Date of Submission


Degree Type


Degree Name

Doctor of Psychology (PsyD)



Department Chair

Stephanie Felgoise, PhD, ABPP

First Advisor

Beverly White, PsyD

Second Advisor

David Festinger, PhD

Third Advisor

Michael Roberts, PsyD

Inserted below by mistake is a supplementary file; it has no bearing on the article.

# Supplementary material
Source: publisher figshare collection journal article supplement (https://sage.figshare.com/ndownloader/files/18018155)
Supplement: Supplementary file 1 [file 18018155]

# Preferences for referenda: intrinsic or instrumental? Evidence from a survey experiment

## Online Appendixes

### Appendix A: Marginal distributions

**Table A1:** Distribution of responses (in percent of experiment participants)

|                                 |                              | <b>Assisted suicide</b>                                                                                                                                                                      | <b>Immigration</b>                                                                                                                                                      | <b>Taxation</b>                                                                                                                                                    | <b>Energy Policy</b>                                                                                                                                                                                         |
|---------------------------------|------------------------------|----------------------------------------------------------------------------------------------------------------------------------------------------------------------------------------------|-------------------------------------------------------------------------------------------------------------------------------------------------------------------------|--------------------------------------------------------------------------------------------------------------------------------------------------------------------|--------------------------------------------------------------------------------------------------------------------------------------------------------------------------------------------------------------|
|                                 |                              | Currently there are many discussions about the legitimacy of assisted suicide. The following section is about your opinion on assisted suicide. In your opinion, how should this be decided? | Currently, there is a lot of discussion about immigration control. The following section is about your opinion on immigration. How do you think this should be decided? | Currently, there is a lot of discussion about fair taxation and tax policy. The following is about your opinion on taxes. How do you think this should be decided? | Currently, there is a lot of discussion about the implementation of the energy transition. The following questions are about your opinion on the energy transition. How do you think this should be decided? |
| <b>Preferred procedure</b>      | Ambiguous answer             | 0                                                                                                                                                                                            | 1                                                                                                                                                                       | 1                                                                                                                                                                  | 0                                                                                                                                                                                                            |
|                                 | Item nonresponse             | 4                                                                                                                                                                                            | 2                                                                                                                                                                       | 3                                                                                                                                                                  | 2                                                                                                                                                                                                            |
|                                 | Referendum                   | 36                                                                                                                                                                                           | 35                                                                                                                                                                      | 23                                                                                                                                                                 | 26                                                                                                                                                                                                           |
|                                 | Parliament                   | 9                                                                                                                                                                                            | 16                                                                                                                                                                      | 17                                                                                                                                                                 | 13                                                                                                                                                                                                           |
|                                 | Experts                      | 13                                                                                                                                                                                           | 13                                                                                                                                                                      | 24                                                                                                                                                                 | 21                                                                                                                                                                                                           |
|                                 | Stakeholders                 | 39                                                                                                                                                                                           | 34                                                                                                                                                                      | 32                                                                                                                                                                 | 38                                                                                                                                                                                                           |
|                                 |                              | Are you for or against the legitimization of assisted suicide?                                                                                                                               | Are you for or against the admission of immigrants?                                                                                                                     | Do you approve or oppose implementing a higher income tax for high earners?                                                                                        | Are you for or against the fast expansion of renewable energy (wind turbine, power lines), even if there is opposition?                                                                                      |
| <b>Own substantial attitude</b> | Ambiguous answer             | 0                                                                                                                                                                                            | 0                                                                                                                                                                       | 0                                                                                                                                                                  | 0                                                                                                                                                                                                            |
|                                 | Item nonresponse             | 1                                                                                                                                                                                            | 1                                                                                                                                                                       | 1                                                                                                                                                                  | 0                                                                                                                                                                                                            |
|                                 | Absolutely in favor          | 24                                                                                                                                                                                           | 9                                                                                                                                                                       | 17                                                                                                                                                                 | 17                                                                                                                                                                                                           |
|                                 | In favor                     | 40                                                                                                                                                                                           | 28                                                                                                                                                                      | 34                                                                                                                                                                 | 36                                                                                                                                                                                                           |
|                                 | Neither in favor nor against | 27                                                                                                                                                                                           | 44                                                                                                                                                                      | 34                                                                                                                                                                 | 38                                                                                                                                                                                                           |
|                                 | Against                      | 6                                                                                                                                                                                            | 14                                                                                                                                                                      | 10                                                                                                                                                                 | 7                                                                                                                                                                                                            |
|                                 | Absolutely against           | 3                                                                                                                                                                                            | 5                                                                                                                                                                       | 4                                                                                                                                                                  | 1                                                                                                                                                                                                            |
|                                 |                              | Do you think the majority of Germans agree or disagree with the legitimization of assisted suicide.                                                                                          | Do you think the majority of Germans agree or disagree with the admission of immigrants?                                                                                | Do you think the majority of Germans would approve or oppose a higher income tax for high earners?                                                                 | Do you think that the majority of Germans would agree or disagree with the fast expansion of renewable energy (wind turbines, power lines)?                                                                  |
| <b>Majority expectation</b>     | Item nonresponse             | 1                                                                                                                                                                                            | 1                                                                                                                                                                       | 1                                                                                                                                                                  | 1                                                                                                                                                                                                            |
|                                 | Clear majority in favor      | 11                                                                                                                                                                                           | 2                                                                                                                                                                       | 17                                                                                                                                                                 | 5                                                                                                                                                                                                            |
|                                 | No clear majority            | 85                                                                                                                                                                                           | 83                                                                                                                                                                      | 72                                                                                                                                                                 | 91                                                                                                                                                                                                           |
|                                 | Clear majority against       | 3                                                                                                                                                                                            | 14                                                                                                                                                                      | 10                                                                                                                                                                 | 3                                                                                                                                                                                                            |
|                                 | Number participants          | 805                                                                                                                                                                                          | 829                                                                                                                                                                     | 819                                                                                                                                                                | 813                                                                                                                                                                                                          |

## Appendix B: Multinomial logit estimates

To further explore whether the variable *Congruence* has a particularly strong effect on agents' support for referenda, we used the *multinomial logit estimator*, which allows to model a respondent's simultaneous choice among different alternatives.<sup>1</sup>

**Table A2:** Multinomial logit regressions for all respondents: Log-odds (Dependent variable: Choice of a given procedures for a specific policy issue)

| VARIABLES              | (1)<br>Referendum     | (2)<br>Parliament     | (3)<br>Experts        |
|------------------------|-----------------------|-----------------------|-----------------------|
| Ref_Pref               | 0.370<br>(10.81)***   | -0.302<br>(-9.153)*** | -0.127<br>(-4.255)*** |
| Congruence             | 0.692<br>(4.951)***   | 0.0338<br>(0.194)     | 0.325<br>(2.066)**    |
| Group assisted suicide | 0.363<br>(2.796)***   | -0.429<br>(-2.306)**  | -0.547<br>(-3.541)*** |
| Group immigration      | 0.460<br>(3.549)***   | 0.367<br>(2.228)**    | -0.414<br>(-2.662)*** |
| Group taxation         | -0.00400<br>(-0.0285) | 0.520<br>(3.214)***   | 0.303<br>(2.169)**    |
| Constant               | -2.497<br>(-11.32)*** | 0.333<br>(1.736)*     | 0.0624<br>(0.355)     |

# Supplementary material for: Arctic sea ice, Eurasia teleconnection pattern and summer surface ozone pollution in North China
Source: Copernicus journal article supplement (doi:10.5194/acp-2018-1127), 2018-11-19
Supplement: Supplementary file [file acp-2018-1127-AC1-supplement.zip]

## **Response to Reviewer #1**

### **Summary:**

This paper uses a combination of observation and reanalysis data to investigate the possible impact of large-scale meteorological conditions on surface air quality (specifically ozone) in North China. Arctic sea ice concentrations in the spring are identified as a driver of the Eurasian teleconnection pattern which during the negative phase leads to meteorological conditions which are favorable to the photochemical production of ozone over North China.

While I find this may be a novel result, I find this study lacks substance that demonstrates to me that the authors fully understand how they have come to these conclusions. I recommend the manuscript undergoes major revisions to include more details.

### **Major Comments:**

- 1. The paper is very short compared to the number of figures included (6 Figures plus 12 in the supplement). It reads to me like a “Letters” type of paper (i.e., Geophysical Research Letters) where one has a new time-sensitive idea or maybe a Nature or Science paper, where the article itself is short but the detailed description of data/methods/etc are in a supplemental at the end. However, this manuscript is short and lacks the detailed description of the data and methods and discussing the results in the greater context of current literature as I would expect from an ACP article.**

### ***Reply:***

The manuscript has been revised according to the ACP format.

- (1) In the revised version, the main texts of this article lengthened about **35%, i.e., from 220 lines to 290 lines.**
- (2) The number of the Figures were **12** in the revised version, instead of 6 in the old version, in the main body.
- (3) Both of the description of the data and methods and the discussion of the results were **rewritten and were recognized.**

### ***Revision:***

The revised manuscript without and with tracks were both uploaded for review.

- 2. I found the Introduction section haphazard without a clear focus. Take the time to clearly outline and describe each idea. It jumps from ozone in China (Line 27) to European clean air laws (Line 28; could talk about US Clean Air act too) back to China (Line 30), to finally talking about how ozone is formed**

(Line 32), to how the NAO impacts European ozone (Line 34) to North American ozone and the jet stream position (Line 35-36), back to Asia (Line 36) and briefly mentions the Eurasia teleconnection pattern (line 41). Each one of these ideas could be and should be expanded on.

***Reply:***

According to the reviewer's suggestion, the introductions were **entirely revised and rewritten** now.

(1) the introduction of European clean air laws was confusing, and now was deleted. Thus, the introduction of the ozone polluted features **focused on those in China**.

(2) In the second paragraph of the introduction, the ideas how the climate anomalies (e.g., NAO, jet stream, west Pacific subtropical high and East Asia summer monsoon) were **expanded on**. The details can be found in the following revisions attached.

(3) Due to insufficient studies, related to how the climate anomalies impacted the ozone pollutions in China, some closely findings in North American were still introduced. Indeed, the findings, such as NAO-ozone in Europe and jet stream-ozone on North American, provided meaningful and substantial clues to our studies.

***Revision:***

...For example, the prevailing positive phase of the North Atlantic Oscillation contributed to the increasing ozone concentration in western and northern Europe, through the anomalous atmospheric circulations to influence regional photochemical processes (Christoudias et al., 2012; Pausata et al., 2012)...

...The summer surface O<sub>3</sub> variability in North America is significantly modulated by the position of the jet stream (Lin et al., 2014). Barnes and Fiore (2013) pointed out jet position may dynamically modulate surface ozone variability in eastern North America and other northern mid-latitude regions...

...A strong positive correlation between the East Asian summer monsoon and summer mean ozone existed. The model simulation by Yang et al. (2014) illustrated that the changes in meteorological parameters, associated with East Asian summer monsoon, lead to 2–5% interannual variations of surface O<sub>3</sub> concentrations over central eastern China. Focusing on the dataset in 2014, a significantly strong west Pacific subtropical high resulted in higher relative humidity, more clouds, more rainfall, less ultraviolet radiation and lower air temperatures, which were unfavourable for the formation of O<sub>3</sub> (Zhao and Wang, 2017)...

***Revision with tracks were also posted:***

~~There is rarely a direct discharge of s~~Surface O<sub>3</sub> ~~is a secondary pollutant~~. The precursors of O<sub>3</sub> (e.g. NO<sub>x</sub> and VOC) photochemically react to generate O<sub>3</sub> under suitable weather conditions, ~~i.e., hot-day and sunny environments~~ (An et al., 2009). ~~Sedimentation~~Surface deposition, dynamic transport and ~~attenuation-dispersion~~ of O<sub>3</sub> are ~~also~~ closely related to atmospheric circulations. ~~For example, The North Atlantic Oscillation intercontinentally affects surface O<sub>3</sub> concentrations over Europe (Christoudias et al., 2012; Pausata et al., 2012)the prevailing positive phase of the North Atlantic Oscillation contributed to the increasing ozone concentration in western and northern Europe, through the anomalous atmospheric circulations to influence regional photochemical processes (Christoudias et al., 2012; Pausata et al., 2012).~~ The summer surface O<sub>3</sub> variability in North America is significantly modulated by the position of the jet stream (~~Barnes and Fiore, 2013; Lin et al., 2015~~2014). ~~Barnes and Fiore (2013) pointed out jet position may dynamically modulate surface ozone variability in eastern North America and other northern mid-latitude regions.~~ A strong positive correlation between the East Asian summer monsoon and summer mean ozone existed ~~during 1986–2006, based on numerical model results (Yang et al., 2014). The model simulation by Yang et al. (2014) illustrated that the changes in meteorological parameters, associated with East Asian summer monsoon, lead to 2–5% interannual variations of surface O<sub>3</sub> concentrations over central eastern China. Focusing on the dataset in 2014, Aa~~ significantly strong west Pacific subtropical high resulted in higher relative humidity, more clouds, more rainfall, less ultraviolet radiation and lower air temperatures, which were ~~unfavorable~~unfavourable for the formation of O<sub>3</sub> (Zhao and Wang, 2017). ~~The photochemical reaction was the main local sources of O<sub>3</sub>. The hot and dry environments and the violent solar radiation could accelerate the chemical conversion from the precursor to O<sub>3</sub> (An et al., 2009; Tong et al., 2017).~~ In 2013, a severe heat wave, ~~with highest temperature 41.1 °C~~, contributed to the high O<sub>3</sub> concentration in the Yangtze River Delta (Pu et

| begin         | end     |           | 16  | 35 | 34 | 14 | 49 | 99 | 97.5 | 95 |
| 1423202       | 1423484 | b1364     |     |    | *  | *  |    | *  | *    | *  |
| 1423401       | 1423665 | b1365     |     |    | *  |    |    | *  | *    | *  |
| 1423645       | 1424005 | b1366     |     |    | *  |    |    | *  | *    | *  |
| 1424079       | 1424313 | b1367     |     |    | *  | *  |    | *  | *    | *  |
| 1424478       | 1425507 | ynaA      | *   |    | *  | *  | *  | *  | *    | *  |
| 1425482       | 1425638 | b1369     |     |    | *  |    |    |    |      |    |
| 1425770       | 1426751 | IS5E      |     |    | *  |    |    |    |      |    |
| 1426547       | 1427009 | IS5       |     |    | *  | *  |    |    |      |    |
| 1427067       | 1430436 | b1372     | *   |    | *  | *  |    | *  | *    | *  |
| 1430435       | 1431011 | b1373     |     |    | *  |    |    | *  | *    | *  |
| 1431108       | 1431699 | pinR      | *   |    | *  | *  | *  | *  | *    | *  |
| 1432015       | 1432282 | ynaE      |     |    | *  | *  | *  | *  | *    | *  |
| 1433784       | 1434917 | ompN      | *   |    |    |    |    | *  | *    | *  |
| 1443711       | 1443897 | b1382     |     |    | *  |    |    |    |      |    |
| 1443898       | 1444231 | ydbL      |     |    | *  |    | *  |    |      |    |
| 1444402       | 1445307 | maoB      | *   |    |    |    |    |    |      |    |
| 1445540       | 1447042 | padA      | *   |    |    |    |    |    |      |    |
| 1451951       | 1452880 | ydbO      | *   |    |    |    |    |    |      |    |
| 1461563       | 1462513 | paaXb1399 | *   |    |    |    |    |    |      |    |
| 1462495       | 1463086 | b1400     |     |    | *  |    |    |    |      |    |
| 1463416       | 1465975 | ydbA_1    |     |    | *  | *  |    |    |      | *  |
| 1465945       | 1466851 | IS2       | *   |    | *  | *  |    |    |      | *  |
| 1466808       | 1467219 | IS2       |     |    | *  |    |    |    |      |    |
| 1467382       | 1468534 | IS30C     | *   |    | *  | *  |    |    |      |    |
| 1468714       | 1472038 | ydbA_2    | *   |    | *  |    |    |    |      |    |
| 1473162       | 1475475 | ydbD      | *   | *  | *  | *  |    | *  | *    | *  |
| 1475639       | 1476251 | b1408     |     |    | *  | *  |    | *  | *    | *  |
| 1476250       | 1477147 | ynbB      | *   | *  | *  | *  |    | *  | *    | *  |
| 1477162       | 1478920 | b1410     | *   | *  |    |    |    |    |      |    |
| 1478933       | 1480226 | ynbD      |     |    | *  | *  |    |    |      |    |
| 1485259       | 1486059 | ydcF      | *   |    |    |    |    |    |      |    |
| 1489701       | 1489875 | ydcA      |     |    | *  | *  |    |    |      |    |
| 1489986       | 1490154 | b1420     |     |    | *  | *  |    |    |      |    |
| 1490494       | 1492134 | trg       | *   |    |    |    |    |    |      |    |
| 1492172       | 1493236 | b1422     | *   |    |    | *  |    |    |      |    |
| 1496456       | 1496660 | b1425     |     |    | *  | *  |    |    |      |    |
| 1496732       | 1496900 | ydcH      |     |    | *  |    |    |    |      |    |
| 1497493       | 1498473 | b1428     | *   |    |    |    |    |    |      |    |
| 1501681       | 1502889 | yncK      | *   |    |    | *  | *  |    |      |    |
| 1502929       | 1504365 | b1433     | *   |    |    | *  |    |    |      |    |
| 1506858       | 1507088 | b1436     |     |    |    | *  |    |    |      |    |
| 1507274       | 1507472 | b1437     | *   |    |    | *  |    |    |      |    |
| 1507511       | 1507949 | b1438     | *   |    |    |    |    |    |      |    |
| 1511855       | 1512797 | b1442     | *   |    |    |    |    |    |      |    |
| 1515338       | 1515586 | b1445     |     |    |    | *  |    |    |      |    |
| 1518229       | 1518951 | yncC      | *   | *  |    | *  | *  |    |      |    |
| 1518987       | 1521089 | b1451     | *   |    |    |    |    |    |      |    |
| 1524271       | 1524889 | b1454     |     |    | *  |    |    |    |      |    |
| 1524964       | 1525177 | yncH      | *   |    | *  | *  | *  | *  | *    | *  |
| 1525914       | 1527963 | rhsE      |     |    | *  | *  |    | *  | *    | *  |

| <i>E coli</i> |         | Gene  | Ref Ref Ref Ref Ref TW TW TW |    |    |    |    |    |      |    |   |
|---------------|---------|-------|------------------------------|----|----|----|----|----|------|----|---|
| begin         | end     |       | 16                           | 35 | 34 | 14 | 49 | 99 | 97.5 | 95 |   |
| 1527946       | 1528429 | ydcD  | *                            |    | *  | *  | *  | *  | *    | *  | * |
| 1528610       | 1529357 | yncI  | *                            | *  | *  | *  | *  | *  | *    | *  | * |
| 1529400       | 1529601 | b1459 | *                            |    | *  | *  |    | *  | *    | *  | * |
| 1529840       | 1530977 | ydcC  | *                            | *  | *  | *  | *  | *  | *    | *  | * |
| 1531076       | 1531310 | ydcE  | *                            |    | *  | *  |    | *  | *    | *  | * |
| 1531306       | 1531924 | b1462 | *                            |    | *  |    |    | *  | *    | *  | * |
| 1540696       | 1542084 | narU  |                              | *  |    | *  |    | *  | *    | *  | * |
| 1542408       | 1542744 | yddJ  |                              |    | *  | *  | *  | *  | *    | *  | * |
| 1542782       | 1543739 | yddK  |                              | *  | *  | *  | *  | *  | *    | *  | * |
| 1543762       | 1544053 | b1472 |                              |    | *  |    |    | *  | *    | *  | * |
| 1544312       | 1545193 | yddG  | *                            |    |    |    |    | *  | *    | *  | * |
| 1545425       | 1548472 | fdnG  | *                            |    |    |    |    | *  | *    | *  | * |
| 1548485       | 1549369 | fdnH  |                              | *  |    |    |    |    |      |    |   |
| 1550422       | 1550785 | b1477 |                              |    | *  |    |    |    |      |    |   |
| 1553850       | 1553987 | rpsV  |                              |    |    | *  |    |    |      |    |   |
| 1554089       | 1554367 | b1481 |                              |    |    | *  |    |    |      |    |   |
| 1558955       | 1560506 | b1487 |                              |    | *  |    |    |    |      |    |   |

Most people experience at least one traumatic event in their lifetimes, yet only a small proportion of individuals develop posttraumatic stress disorder. Many studies have examined risk factors associated with psychopathological symptoms in individuals with trauma, but few have examined protective factors associated with posttraumatic growth, and even fewer have examined risk and protective factors concurrently. Factors that contribute to discrepancies between individuals who experience pathology and those who experience growth are unclear Recent studies suggest that mild stressful life events in childhood may impact the way in which an individual experiences later stress via a strengthening or “steeling” effect. In a sample of 523 individuals who endorsed direct traumatic exposure, risk factors (i.e., number of traumas, heightened arousal, and number of previous pathological diagnoses) and protective factors (i.e., optimism, cognitive flexibility, and social support) significantly predicted pathology, as evidenced by total scores on the Brief Symptom Inventory. In a separate regression model, protective and risk factors significantly predicted growth, as evidenced by scores on the Posttraumatic Growth Inventory, but the effect size was small. A Pearson product-moment correlation revealed a negative relationship between the number of protective factors and pathology and a positive relationship between the number of protective factors and growth. However, growth was not significantly correlated with pathology. Individuals who endorsed low, moderate, and high posttraumatic growth did not significantly differ on the number of stressful life events endorsed on the Life Events List. While risk and protective factors appear to predict negative outcomes, this study suggested that the processes by which individuals demonstrate growth or pathology may be independent.